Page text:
Glimmering Sweat Bee Impostors In Your Garden
Will the real sweat bee please reveal herself?
Almost half the sweat bees (image above) in the USA are green and blue and are very pretty to look at with their metallic sheen glowing bright in the sunlight. Other sweat bees have the standard ‘bee look’ of yellow and black and are harder to distinguish.
But in places like Ohio, Kentucky and Indiana there is an impostor on the loose. An insect that looks like a sweat bee but isn’t a sweat bee. It is known as a hover fly, syrphid fly or flower fly, and mimics a bee or wasp. It hovers like a helicopter. It visits flowers like bees do. It can be found around soybean and corn fields looking for old pollen. The hoverfly is drawn to the salts and minerals in human sweat but does not bite or sting. Bad luck for the hover fly, it gets swatted by scared humans bracing for a sting.
It can be hard to tell the difference between these insects, but there is one way to know. Flies have 2 wings while bees and wasps have 4 wings. Since these flies pollinate plants, eat bugs and don’t harm you, please let them live to see another day.
If you aren’t familiar with the sweat bee, it is a very small solitary bee that may live in an underground nest in your garden. You may see them flying low, the pollen baskets on their back legs laden with pollen which they gather to feed future baby bees.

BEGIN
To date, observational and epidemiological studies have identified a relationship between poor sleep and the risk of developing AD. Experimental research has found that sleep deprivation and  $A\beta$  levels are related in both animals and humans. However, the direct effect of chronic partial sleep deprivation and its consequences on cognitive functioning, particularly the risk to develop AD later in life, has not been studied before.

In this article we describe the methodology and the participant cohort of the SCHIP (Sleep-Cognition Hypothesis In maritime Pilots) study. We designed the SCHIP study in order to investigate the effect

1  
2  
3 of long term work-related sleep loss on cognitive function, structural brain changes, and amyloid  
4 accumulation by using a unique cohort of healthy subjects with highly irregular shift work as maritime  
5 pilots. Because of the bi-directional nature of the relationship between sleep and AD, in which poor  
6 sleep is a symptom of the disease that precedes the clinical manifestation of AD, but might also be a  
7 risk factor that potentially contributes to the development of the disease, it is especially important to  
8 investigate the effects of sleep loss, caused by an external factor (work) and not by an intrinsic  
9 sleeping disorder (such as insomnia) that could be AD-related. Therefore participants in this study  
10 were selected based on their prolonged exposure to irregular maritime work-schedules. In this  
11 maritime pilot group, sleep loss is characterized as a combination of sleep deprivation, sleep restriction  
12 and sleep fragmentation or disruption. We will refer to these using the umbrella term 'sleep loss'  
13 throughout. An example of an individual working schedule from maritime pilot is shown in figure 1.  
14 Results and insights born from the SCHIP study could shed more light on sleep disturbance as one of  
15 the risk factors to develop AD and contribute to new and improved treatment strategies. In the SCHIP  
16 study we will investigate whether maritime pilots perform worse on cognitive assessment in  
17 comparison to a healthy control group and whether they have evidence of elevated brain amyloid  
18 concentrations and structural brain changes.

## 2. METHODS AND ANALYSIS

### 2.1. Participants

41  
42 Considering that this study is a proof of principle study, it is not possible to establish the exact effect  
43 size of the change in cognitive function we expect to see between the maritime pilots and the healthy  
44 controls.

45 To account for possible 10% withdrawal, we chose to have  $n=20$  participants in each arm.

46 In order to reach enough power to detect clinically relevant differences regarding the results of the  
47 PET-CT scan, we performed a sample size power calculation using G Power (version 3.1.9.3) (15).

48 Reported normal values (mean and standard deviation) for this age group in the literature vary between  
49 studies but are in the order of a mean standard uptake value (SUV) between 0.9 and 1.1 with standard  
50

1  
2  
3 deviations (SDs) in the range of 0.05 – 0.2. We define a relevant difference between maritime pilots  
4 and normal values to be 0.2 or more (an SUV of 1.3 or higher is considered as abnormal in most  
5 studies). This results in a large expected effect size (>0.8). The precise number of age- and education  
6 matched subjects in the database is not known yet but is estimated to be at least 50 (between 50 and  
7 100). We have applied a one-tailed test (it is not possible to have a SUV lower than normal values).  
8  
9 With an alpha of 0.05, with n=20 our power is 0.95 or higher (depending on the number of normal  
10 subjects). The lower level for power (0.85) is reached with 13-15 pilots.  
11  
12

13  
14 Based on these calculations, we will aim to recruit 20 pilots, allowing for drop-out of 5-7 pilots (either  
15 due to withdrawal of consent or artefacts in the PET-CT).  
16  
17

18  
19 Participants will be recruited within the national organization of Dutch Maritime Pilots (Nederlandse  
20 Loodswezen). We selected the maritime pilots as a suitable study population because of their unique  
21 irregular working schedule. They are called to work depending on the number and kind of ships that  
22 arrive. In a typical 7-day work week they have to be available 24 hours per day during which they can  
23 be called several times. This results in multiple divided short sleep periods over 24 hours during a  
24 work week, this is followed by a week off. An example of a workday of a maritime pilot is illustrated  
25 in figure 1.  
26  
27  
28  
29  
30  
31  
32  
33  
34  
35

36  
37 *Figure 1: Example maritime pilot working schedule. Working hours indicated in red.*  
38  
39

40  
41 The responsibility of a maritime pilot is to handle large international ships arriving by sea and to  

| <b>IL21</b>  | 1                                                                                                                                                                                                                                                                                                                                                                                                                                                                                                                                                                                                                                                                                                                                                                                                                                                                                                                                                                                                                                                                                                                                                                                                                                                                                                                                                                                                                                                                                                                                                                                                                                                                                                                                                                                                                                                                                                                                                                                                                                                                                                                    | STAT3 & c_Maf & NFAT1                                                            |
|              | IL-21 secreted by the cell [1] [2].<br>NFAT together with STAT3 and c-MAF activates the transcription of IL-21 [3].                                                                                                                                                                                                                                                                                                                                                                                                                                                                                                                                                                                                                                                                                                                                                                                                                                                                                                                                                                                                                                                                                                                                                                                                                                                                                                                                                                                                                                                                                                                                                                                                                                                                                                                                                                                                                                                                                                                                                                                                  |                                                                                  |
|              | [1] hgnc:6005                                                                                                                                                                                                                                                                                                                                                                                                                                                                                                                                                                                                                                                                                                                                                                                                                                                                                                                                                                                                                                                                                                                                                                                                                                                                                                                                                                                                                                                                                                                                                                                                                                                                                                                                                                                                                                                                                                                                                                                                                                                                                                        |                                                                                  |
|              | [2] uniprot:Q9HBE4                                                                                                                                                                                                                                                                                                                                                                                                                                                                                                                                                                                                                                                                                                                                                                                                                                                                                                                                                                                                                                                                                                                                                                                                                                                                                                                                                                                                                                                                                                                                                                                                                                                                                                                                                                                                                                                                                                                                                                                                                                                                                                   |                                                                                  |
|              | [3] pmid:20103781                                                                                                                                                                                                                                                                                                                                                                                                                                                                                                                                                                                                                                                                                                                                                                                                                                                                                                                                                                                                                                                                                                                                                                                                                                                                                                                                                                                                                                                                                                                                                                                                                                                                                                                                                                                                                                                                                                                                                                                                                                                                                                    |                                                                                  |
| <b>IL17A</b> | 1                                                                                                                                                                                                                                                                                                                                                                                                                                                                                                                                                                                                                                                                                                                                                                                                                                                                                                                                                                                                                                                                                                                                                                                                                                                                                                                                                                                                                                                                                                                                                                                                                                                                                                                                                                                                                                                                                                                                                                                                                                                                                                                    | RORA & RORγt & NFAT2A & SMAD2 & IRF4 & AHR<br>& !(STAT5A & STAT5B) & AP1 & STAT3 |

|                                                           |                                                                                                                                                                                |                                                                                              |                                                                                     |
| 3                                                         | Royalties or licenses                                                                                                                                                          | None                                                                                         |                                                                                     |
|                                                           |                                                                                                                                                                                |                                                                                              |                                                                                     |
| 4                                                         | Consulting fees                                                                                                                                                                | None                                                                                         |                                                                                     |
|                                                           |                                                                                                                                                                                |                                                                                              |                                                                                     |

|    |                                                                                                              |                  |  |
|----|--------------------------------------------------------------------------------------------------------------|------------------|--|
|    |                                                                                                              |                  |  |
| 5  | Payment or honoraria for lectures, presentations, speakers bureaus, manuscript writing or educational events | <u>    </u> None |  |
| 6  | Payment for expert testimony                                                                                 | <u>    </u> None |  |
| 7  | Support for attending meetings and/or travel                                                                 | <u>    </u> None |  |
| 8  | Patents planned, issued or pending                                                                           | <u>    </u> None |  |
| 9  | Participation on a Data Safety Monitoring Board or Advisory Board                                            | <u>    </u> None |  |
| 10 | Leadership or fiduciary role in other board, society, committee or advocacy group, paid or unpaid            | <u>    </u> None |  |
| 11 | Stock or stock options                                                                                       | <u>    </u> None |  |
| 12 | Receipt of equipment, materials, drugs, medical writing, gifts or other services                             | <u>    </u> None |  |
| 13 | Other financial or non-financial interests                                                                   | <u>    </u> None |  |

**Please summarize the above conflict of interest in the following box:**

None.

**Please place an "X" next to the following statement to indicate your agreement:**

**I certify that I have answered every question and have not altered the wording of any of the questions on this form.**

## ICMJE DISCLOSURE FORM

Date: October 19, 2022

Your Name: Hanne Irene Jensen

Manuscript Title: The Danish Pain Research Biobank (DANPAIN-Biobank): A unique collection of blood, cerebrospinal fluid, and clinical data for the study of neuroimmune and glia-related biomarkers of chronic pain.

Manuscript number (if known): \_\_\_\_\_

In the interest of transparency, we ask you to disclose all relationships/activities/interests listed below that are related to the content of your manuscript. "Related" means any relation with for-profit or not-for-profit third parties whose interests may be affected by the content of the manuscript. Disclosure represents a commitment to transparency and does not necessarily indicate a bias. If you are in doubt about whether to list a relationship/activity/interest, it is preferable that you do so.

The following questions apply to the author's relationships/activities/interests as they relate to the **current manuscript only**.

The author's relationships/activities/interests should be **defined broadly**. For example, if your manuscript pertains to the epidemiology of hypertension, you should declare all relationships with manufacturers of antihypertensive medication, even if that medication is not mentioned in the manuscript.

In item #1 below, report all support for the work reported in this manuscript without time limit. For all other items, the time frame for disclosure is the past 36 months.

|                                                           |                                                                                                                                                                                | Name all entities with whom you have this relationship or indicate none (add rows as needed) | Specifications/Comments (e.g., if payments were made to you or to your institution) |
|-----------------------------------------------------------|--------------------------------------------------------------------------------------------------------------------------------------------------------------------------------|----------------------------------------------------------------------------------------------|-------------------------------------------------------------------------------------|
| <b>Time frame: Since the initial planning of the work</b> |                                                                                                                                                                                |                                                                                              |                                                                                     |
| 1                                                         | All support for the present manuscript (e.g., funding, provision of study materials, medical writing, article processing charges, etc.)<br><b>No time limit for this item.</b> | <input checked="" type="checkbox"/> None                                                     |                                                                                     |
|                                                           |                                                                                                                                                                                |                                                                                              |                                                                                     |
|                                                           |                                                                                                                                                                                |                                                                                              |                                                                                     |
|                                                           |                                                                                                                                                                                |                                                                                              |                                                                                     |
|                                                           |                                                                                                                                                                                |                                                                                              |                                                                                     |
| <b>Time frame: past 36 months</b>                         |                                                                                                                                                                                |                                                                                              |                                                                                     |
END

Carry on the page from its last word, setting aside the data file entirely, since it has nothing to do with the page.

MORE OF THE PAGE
Don’t fear these little bees but stay a respectable distance from them. You don’t want them to perceive you as a threat because the female has a nasty sting. It sets them off if you block their sunlight, throw a shadow over their nest, or accidentally block their nest entrance. Sudden movements are not a good idea. They can get defensive if an underground vibration is near their nest, like a passing lawn mower.
Sweat bees look for flat dry dirt to dig their nests in, so if you don’t want them in your garden simply plant something there like ground cover or use landscape fabric, wood chips, or pebbles. Put a nice planter there with herbs or flowers. These pollinators will enrich your garden, but more than a couple of nests might be too much. Please don’t harm them with pesticide, though. Use natural means to move them along or wet the area so they go looking for a drier place to build new nests.
Some sweat bees are more like bees and others are more like wasps. They got their name because the males, thinner than females, are drawn to the minerals in human moisture. The males enjoy human sweat and the females will sting. Pull the stinger out if one gets you so it stops pumping venom.
To keep your garden's sweat bees happy just leave them to their bee business.
Sweat bees and hover flies... can you tell the difference? If you have seen either of these in your area, please let us all know about it over on our Facebook page.
Isn’t nature incredible?